So how do we address this fuzziness? How can we improve the rigor and thus the quality of our data? Here are a few steps you can take.
First, you must be crystal clear on your definitions. This begins with the language that you use, and the definitions of your critical sales success factors. This is of course where MEDDIC lives. If the definitions of your sales success factors (ie: Metrics, Economic Buyer, Decision Criteria, Decision Process, Implicated Pain, and Champions) are not crystal clear, then everything else you build will be fuzzy. Addressing this issue requires a coordinated commitment to defining your success factors (MEDDIC), and then through training and manager reinforcement, establishing and embedding these definitions into your sales landscape. This is your common language.
With your common language in place, we can now move on to the sales playbook which is built upon that common language. The sales playbook is defined by a sequence of logical sales stages, each stage containing a fair exchange of value with your customer, and clear success criteria. A simple example of that "fair exchange" may be that the customer receives an education about an opportunity to improve a critical business process, and in return the seller gains insight to the customer's strategic priorities and decision process. In enterprise SaaS sales we commonly see the following or similar sales stages: Profile, Discovery, Scope, Executive Alignment, Proof, Negotiate, Close. And this can be followed by post sales stages: Plan, Deploy, Adopt, Value Realization, Expand / Renew. For sales organizations that are lacking well defined sales stages, I would encourage you to start by identifying and breaking down your best run sales cycles. You can also check out John McMahon's "The Qualified Sales Leader," which goes into some details on sales stages. For those with at least a partially defined sales playbook, we go through a process of "playbook hardening." We do this by overlaying MEDDIC to ensure that every aspect of sales execution is addressed and that no corners are being cut. Completely addressing every element of MEDDIC/MEDDPICC over the span of your sales cycle is the definition of quality execution. (Please reach out if you have questions or need help here).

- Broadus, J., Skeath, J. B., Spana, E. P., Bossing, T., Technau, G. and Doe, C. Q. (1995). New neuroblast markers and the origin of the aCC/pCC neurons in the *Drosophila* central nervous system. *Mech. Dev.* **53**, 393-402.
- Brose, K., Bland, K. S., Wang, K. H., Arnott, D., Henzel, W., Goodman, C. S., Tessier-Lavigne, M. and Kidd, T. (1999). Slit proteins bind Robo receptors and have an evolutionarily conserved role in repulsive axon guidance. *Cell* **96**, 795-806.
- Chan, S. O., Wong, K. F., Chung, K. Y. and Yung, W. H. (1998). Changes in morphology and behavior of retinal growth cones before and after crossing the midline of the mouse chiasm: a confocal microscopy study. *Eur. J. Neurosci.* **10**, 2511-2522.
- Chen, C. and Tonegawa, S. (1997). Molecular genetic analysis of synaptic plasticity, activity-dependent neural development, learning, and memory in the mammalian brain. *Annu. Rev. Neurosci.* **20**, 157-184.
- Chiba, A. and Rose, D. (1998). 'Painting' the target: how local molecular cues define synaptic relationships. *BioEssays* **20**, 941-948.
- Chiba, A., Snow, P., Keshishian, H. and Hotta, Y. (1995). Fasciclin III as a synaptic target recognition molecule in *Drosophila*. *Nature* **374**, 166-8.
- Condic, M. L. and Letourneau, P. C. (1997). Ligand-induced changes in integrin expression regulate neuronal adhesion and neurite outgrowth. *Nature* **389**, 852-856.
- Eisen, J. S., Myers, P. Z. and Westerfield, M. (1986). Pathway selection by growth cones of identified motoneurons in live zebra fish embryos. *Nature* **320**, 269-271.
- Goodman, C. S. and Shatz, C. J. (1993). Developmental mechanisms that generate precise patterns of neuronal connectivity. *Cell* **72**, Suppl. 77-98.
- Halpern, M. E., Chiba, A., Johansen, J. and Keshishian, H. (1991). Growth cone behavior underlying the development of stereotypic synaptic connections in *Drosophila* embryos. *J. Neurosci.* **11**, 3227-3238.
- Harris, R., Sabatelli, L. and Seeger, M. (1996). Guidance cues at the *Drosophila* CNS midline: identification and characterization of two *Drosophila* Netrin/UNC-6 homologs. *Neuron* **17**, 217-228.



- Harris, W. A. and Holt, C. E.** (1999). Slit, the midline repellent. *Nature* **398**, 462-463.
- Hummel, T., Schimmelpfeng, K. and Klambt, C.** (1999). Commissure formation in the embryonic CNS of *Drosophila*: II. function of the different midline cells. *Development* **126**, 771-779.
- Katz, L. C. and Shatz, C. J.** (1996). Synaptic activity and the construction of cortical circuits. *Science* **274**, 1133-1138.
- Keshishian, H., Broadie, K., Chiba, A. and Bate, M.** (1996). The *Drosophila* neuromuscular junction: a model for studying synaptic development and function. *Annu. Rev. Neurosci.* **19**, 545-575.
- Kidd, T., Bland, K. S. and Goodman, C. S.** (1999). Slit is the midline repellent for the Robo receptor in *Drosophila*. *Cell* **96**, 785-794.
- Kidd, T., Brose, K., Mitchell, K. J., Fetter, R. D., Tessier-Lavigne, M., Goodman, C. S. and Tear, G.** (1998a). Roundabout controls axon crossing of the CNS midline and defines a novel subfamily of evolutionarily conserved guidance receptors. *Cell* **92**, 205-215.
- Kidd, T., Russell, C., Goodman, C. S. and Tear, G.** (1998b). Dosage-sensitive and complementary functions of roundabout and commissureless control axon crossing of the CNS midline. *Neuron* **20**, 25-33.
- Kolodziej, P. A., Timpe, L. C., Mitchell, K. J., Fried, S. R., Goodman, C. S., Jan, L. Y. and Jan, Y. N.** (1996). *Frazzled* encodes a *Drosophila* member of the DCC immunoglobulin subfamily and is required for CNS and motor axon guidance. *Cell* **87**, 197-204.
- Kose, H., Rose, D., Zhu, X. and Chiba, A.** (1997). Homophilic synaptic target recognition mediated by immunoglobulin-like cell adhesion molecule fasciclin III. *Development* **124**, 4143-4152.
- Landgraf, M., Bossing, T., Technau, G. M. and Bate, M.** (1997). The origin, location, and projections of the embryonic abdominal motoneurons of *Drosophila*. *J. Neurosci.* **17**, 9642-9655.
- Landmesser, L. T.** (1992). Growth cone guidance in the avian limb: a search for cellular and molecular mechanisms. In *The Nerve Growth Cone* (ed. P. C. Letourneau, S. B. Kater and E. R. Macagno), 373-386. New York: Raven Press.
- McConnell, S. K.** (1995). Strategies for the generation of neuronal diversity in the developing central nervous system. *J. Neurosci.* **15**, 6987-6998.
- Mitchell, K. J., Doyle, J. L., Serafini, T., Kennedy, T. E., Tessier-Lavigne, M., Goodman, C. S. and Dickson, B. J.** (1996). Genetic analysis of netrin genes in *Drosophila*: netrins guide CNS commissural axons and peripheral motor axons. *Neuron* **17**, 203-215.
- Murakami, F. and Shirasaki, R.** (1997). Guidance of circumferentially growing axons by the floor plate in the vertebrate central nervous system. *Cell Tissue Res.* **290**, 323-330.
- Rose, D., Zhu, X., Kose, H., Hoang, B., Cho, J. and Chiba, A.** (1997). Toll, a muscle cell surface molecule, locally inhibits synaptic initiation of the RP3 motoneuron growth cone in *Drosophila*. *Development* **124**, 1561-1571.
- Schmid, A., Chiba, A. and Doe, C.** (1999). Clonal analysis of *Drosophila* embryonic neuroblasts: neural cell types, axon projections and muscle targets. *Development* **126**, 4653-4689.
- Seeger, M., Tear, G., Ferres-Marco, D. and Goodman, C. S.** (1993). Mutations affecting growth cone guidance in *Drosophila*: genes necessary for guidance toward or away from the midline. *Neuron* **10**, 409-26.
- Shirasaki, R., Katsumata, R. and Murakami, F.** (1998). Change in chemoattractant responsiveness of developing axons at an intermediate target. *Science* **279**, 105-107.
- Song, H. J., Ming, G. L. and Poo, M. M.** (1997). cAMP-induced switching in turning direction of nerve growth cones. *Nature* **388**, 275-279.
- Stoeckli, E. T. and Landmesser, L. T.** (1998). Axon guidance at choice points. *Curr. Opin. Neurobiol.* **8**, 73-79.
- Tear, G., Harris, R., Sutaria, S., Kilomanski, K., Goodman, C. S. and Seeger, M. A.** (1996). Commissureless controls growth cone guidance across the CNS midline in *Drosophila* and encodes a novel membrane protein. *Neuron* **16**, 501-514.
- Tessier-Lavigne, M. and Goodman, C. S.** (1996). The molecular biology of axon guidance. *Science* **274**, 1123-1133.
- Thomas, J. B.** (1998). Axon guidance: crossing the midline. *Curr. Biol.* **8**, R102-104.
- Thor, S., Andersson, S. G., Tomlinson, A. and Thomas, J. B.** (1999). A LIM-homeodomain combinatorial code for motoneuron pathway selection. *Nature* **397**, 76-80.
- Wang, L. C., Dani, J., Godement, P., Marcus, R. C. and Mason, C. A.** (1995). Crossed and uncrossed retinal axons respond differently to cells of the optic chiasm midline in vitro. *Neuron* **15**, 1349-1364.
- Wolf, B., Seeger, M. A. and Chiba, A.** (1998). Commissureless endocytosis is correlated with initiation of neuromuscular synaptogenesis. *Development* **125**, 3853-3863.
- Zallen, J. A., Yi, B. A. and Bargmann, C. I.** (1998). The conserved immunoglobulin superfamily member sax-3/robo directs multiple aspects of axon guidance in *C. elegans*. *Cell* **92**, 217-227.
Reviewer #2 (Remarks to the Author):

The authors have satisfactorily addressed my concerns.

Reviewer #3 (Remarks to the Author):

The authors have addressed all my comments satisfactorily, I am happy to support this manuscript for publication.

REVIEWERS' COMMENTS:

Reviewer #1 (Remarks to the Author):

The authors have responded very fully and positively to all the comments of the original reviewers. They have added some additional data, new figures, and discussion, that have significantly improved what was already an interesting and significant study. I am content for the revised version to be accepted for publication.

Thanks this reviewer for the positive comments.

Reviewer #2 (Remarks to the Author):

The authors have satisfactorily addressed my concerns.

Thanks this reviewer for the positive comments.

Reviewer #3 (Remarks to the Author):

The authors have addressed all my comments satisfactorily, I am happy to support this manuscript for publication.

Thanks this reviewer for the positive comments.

Let's fast forward to the point at which you now have your hardened sales playbook in place. Congratulations! Managers are expertly trained and reinforcing the sales playbook’s proper use. Sellers are being coached and there is an increasing rigor to sales execution. Well defined and repeatable sales activities (new business meeting, discovery workshop, technical deep dive, executive alignment meeting, proof of value) are being executed with consistency, which is leading to more consistent outcomes. Your sellers are now capable of definitively stating the sales stage of each opportunity. They are also becoming much more adept at identifying the opportunities where that success criteria is not being met, helping them to be more objective in prioritization and qualifying opportunities in or out.